When St. Paul commands us to “pray always” in his ﬁrst letter to the Thessalonians, we tend to let it go in one ear and out the other.
“Of course, he can’t possibly mean that! He really just means to pray a lot.” We so easily ﬁlter the words of Scripture based on what we think God wants from us, but then we end up missing his true message. God actually wants us to always be praying, just like St. Paul told us!
But how can that be? It might make more sense to us if we better understand what prayer truly is. Prayer is not only reciting the rosary, mental Scripture prayer, or going to Mass. Prayer is being in communion with God. To pray always is nothing other than to always stay connected to the Lord—in other words, to become a saint.
Our readings today point towards this vision God has for us, particularly when Jesus gives us the image of the vine and the branches. He promises that if we remain in him, we will bear much fruit. If always staying connected to the Lord seems out of reach, then let’s remember that when God gives a command he always gives us the grace to respond. How can we stay attached to the vine and learn to pray always?
First Reading Reflection
After Saul’s dramatic conversion from a dangerous foe of the early Church into an ardent defender of the Faith, he is forced to ﬂee Damascus due to a murder plot by the Jews and escapes to Jerusalem. However, the disciples are wary of trickery until Barnabas, a trusted disciple, intercedes for him and presents him to the Apostles. As in Damascus, Saul proceeds to speak out “boldly in the name of Jesus.” Once again, his life is threatened by the Jews, and Saul is sent away to his hometown of Tarsus where presumably he can ﬁnd safety. Despite the opposition to the Christian community, Luke conﬁrms that the Church is growing, sustained by the peace and consolation of the Holy Spirit, as new communities are started by disciples who ﬂee Jerusalem.
We learn from this episode that as faithful disciples of Christ, we can expect to face opposition, perhaps even from former associates. While we rely on God’s grace to carry out our mission, we need to depend on our Christian community as well. God expects us to cooperate with his grace but also requires us to tap into our human ingenuity and resourcefulness, moved by the virtue of prudence, to successfully navigate the obstacles and challenges we may face as disciples of Christ. Faithfulness to our mission ensures we will be sustained by the peace and consolation of the Holy Spirit.
Second Reading Reflection
The Second Reading today addresses three key themes that mark Christian life: Christ-like love, confident faith, and faithful obedience. Have you ever heard either of these sayings: “Talk is cheap,” or “Walk the walk, not just talk the talk”? Both sayings seem to encapsulate the admonition in the first line of this passage. As Christians, we are called to love like Christ, that is, to put love into action for the good of others. Mere words are not sufficient. However, sometimes we fail and then condemn ourselves in our hearts. A heart that convicts us of sin is one that is immersed in the truth of God’s love for us and drives us to contrition. We can confidently seek forgiveness because we know that God’s love and mercy are greater than our own hearts. We can trust that God forgives us when we ask and that he always gives us what is best for us because we seek to live in faithful obedience to his commandments. That obedience is manifested and summarized in two key commands: believe in Jesus Christ as the Son of God and love one another (v. 23). When we persist in Christ-like love, confident faith, and faithful obedience, the Holy Spirit convicts us of the unity we have in and with Christ.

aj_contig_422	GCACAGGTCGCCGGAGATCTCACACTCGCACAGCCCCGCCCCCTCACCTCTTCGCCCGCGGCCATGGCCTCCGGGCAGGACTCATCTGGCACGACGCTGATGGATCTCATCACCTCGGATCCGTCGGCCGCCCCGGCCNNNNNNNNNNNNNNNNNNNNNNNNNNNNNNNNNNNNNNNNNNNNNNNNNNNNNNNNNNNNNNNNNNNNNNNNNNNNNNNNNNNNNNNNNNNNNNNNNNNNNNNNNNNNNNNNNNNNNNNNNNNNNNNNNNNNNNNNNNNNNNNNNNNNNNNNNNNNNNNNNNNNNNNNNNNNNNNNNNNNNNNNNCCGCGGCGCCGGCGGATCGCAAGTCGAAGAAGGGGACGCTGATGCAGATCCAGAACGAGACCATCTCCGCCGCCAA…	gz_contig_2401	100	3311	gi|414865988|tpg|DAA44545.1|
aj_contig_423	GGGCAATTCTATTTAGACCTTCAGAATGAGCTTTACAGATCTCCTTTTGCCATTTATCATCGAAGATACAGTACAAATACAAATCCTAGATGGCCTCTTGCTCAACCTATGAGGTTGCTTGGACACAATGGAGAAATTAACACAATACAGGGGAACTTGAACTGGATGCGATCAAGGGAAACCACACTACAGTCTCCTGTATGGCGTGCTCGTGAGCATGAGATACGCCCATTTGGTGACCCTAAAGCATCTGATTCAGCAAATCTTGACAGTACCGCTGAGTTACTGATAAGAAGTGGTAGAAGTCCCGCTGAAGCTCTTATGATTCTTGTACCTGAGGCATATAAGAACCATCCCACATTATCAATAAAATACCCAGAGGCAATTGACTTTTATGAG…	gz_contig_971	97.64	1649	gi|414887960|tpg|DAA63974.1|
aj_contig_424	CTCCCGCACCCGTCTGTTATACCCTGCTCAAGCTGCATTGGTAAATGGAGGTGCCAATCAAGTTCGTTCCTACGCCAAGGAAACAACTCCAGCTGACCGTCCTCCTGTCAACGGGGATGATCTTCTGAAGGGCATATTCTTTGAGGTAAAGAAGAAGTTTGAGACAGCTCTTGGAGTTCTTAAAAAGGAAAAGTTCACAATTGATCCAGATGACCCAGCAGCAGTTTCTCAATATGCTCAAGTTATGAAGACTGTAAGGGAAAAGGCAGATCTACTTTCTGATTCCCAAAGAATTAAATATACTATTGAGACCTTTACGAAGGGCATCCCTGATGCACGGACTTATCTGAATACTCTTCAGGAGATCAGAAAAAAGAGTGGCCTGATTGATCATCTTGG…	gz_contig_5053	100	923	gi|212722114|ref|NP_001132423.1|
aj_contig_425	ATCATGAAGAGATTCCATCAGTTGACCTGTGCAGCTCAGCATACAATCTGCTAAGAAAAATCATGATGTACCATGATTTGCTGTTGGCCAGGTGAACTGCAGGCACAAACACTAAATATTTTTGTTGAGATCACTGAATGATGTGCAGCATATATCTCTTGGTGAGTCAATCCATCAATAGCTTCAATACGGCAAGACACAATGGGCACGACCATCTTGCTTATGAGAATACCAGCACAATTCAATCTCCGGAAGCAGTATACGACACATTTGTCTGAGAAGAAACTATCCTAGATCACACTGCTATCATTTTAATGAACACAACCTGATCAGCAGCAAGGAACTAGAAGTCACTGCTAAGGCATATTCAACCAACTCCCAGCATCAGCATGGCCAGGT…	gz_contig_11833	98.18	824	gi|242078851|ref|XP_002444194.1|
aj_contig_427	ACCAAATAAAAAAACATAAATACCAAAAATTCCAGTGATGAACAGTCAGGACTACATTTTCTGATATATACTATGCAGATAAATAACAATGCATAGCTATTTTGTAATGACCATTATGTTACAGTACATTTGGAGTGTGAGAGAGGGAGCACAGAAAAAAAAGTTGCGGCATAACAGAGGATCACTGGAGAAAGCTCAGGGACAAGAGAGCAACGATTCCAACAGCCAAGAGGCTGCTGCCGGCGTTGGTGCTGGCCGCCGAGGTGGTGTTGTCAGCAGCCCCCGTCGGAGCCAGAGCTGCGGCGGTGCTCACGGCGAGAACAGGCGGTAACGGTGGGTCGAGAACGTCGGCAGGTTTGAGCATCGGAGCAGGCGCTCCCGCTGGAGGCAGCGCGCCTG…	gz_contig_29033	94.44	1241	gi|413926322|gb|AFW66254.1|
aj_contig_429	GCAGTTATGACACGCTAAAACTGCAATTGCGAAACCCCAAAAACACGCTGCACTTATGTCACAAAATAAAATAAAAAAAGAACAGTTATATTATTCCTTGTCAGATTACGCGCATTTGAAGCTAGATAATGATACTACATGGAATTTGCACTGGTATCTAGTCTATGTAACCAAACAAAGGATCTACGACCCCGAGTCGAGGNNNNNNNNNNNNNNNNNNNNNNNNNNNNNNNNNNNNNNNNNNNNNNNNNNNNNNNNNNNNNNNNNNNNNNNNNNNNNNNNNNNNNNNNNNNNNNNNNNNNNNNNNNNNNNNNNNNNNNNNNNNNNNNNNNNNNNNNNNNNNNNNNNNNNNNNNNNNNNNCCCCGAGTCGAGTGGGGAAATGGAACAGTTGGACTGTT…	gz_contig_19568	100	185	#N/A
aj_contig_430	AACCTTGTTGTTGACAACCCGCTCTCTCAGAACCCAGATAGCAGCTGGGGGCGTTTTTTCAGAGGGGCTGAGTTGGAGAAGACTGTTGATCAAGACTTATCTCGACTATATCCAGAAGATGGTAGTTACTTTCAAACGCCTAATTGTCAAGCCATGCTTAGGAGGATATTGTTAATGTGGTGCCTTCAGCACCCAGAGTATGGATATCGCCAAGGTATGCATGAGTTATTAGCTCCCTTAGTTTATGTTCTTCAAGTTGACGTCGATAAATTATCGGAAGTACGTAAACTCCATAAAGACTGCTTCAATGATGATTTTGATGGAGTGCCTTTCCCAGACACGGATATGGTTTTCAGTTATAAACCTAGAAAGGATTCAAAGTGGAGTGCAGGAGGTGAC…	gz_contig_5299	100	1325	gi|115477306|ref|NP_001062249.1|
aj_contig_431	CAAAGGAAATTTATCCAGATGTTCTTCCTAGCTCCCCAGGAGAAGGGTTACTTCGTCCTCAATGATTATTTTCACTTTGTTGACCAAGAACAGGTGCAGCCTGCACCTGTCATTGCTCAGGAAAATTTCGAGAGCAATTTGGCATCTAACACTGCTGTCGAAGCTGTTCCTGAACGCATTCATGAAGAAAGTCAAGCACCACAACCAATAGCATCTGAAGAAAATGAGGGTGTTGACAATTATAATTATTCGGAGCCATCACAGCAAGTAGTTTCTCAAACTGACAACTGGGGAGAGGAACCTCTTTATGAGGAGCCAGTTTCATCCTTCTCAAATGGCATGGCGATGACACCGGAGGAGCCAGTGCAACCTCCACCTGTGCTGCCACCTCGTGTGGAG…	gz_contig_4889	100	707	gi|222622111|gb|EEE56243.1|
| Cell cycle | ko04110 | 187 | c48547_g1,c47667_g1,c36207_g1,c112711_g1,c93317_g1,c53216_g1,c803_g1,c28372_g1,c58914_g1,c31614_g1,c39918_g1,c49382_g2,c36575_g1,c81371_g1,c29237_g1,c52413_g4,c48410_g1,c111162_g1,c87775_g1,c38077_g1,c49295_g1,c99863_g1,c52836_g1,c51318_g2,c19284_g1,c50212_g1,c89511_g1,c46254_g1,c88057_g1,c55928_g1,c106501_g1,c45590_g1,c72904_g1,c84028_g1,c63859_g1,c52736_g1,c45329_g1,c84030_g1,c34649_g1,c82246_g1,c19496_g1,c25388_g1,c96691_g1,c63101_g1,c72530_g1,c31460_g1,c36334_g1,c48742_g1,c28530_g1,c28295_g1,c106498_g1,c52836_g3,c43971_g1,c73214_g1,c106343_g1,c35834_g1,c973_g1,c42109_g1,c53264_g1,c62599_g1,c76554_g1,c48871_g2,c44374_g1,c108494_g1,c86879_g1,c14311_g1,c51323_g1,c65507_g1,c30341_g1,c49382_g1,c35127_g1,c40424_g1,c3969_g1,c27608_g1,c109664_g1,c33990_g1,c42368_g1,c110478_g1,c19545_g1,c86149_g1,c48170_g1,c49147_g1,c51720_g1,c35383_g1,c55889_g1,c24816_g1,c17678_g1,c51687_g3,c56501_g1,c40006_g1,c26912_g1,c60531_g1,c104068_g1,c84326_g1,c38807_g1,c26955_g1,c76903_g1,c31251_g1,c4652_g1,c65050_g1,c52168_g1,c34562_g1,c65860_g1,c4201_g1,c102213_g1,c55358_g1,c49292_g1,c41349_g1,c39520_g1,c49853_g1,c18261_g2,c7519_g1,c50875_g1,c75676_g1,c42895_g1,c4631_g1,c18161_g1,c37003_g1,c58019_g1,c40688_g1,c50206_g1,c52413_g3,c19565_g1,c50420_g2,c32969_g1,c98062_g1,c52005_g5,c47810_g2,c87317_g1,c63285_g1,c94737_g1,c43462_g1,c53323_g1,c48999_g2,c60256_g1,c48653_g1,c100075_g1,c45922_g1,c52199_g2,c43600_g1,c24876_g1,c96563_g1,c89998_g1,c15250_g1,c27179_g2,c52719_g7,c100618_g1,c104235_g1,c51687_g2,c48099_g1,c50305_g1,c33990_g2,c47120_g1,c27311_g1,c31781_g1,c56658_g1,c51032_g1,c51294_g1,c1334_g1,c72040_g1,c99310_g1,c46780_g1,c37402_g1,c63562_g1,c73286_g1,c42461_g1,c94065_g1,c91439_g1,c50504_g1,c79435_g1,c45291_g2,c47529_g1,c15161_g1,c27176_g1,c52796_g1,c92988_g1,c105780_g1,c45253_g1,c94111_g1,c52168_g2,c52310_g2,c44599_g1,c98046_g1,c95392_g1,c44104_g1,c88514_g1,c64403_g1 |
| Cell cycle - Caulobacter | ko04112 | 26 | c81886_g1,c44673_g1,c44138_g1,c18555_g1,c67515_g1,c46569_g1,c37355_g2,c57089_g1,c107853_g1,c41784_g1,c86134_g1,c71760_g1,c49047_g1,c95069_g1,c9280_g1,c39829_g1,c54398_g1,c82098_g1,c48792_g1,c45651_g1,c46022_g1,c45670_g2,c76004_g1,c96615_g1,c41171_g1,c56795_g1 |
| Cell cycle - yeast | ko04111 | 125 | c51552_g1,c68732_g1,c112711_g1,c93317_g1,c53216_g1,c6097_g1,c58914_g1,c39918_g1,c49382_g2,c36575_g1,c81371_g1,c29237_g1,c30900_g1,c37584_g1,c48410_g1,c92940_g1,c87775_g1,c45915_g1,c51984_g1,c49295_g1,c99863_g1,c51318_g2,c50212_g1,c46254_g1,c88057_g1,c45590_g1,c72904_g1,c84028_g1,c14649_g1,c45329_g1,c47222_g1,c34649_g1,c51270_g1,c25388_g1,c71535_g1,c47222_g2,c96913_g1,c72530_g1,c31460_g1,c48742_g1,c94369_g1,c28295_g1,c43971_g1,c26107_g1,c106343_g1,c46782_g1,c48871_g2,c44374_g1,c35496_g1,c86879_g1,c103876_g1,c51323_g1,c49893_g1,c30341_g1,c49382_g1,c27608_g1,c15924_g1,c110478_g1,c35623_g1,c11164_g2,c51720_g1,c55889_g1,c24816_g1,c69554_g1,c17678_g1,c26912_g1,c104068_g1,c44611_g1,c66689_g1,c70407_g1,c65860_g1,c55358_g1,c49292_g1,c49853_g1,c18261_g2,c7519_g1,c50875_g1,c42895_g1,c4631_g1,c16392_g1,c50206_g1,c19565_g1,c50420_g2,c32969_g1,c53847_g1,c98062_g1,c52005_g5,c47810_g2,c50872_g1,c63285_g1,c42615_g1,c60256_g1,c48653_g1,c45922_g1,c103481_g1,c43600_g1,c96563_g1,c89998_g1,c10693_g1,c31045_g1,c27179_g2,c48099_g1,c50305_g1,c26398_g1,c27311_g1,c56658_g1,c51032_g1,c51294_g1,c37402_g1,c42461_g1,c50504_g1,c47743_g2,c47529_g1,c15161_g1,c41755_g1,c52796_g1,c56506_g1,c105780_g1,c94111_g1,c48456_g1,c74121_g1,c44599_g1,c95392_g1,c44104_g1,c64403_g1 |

Last Sunday, Jesus referred to himself as the Good Shepherd who lays down his life for his sheep. Today, he uses the imagery of the vine, the source of divine life for all who believe in him and obey his Word. This passage is an exhortation to abide in Jesus to achieve fruitful discipleship given as part of Jesus’s Farewell Discourse to his Apostles on the night before his Passion and Death. Jesus wants to teach his Apostles about discipleship to help prepare them to carry on the mission following his death. Jesus discloses that the key to fruitful discipleship is to abide in him. Only those who abide will bear fruit, but they will be pruned so they can become even more fruitful. Branches that do not bear fruit will be cut oﬀ and burned.
The vine analogy highlights the promise of the beautiful intimacy that Jesus offers to all those who believe in him but also the horror that awaits those who reject him. When we abide in Jesus and nurture our relationship with him, he abides in us and gives us the grace to bear fruit for the kingdom. Further, this mutual abiding is the necessary source of our prayer life so that our wills become aligned with God who will provide what we ask. Yet, we must expect some pruning along the way in the form of challenges and obstacles so that we do not grow weak or tepid. Bearing good fruit is proof of our discipleship. Since the Father is glorified in the Son and, as his disciples, we share the same mission with Christ, our fruitfulness glorifies the Father. In contrast, those who reject Christ, the life-giving vine, will bear no fruit and will be cut off and thrown into the fire, perhaps an allusion to Hell.
Watch the short Opening the Word video at StMichael.FORMED.org.
Review the HABITS list—Holy Hour, Accountability, Bible reading, Invest in your parish, Tell others about your faith, and Sacraments.
Ask the Holy Spirit to speak to you about which one of these habits he is inviting you to focus on building right now in your life. Which one sticks out to you? Why do you think God is asking you to build that particular habit? What is a practical change you can make in your life this week to begin to make it a habit?